Trustees | General Education

Academically Adrift

WASHINGTON POST   |  January 19, 2011 by Anne D. Neal

A new study regrettably confirms what the American Council of Trustees and Alumni has been saying for some time: Many students aren’t learning very much at all in their first two years of college. As troubling as it is, it comes as no surprise to ACTA, and here is why.

Academically Adrift: Limited Learning on College Campuses (University of Chicago Press) by co-authors Richard Arum and Josipa Roksa documents the ugly underbelly of American higher education—a culture that is anti-intellectual and that often produces students who have neither the skills or knowledge they will need to succeed after graduation.

What do I mean? ACTA’s study of more than 700 top colleges and universities around the country, enrolling over 6 million students, shows that students can graduate from college without ever having exposure to composition, literature, foreign language or American history. Is it any wonder that students learn little and do little, when colleges today expect little of them?

To be specific, our study found that less than five percent of schools require economics and less than a quarter have a solid requirement of literature. Less than a third require U.S. government or history, or intermediate-level foreign language. Of the more than 700 schools, sixty percent received a “C” or worse for requiring three or fewer subjects.

Can there be any question why America increasingly finds itself at a competitive disadvantage when our higher education institutions are failing to do their job? And all of this failure from a postsecondary system that costs more than twice as much per pupil as the average expenditure in other industrialized nations. We outspend and we underachieve.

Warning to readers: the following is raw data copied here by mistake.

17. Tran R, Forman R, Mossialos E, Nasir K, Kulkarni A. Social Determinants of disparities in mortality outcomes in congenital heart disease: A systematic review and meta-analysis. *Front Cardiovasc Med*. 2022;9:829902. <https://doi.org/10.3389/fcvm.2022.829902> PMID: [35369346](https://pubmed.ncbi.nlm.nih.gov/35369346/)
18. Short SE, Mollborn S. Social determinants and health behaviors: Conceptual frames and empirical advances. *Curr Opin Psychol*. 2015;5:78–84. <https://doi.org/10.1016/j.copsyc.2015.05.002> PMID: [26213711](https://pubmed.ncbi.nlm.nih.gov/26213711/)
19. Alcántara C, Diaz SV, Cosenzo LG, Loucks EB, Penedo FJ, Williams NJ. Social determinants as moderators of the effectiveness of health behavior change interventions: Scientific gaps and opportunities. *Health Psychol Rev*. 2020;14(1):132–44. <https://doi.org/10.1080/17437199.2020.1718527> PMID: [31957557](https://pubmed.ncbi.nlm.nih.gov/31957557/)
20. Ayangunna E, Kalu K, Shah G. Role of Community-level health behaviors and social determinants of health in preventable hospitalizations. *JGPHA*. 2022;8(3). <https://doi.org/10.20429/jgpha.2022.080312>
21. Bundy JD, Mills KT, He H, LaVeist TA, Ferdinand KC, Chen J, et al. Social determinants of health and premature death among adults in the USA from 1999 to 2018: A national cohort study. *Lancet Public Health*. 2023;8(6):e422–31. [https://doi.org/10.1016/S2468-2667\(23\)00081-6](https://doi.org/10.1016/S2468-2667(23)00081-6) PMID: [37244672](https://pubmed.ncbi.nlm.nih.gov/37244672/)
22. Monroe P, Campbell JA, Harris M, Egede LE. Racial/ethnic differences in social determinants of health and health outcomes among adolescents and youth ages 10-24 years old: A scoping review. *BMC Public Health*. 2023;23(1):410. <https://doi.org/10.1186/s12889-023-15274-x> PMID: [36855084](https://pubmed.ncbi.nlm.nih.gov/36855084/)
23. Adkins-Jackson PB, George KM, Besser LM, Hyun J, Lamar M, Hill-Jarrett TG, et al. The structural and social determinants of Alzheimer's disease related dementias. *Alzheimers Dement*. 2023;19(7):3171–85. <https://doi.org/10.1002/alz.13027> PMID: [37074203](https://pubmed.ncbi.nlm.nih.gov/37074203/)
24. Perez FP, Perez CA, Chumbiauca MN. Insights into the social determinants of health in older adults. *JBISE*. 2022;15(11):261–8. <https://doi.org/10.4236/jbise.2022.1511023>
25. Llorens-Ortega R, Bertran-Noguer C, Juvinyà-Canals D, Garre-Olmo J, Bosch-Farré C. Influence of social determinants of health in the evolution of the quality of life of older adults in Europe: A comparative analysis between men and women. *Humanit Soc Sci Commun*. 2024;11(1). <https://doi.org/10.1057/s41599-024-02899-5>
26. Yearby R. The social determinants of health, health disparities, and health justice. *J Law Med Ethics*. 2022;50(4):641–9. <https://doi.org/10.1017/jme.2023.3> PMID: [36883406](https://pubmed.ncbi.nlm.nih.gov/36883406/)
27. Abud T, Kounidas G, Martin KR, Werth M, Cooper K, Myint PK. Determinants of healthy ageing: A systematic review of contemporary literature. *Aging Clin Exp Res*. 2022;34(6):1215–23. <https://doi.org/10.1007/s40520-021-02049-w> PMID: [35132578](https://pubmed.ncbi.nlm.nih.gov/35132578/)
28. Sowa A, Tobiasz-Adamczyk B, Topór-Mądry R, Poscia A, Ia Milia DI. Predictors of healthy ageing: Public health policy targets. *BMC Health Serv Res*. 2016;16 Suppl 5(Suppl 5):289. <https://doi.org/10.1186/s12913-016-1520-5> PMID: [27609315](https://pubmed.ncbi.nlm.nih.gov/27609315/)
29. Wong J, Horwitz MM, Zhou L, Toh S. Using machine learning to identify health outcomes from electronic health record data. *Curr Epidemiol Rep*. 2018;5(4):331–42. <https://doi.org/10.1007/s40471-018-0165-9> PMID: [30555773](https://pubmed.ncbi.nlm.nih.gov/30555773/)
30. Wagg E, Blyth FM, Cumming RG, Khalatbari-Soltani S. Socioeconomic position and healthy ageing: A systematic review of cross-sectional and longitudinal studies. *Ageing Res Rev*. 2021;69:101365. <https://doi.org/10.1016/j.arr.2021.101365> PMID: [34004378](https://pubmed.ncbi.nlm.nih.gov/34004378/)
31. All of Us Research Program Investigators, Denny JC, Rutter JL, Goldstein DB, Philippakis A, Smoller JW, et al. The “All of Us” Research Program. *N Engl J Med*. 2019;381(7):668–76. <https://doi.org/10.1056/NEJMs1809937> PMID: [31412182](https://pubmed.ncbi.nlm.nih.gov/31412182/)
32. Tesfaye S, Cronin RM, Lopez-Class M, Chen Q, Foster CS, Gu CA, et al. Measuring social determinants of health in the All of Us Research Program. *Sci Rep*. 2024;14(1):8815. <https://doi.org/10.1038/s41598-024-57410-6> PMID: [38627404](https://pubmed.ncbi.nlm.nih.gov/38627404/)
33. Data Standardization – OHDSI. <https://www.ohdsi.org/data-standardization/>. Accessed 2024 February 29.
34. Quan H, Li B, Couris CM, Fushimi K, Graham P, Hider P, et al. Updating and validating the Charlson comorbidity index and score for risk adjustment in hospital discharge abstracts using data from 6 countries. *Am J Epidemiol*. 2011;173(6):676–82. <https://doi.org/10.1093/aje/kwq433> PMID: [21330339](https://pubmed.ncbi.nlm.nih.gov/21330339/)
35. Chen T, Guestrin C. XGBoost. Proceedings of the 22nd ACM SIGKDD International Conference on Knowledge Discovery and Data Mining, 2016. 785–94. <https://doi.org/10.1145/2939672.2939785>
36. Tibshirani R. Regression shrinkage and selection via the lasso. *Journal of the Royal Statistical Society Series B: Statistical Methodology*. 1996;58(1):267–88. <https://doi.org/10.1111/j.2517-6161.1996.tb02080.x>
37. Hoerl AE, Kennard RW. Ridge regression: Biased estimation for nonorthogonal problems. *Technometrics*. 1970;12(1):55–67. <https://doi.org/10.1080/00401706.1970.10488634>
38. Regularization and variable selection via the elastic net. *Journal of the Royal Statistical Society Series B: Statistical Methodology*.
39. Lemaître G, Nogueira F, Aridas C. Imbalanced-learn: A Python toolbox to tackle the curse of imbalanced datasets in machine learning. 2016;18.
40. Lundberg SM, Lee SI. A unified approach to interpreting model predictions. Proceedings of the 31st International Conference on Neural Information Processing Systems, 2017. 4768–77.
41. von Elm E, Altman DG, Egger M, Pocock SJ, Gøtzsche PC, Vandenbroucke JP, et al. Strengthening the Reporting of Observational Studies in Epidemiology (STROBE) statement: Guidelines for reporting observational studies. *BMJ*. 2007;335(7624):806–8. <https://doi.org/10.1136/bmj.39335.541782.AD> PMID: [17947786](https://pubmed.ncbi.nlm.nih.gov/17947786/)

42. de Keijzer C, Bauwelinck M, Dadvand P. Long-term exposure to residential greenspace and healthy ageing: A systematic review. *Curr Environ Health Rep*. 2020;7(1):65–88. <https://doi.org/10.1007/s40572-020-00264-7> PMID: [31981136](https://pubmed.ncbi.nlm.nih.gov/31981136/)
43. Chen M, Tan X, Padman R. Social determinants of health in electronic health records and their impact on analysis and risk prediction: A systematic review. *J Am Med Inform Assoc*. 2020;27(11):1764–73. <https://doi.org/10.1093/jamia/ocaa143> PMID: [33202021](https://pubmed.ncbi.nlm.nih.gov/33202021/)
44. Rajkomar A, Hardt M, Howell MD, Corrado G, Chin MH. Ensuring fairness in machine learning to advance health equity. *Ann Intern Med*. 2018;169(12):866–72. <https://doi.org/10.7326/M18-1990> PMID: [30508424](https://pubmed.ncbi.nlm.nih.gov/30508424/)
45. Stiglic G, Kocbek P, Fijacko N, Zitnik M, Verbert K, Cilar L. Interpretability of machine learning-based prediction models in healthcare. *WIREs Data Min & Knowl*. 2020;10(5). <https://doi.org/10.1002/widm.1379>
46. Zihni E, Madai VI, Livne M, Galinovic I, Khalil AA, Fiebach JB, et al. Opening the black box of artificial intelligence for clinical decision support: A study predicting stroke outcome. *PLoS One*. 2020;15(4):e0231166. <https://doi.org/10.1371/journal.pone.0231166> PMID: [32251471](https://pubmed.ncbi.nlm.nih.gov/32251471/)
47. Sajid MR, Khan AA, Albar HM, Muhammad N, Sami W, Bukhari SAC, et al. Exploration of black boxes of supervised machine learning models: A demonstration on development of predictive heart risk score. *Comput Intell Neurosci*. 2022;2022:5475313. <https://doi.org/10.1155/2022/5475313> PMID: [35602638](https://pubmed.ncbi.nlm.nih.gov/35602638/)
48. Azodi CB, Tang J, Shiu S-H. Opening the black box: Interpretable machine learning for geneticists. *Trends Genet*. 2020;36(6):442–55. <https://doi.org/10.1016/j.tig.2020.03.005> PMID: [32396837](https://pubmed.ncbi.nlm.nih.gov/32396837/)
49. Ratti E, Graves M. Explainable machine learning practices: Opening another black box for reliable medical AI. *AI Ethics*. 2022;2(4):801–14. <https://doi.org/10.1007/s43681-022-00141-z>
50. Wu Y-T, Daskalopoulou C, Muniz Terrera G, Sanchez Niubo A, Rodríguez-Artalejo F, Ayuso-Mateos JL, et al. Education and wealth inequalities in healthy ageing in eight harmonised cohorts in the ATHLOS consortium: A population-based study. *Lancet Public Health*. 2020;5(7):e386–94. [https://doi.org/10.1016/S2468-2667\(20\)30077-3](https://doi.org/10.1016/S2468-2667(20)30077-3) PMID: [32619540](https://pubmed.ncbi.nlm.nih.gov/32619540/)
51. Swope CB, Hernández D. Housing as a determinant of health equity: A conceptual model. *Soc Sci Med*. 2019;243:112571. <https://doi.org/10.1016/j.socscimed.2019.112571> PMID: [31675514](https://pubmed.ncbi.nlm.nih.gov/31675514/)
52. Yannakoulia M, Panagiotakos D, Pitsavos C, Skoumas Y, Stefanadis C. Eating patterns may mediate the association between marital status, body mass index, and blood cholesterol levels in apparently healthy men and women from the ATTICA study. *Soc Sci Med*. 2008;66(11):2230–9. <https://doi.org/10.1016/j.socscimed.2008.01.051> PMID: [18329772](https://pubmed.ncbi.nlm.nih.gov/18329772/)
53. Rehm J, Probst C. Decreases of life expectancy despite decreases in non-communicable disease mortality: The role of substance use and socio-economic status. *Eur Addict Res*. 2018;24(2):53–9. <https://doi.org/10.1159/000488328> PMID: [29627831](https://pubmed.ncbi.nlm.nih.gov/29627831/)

As Daniel de Vise pointed out in his November 21, 2010 article on, “Within the higher education establishment, the A-to-F ratings have not been warmly received … but the idea behind the ratings has broad appeal.” He quotes Richard Ekman, president of the Council of Independent Colleges in Washington saying, “I think the criticism that students may not be learning enough in general education resonates with most colleges.” We now have positive proof that higher education is failing at its duty.

So what is to be done? At the end of the day, the goal should not be simply to have more students with sheepskins, but rather to graduate students who have a rich and rigorous education that prepares them to think critically. Trustees need to step up to the plate and turn the higher education ship around. ACTA is reaching out to 10,000 of them to address this national scandal.

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Launched in 1995, we are the only organization that works with alumni, donors, trustees, and education leaders across the United States to support liberal arts education, uphold high academic standards, safeguard the free exchange of ideas on campus, and ensure that the next generation receives an intellectually rich, high-quality college education at an affordable price.

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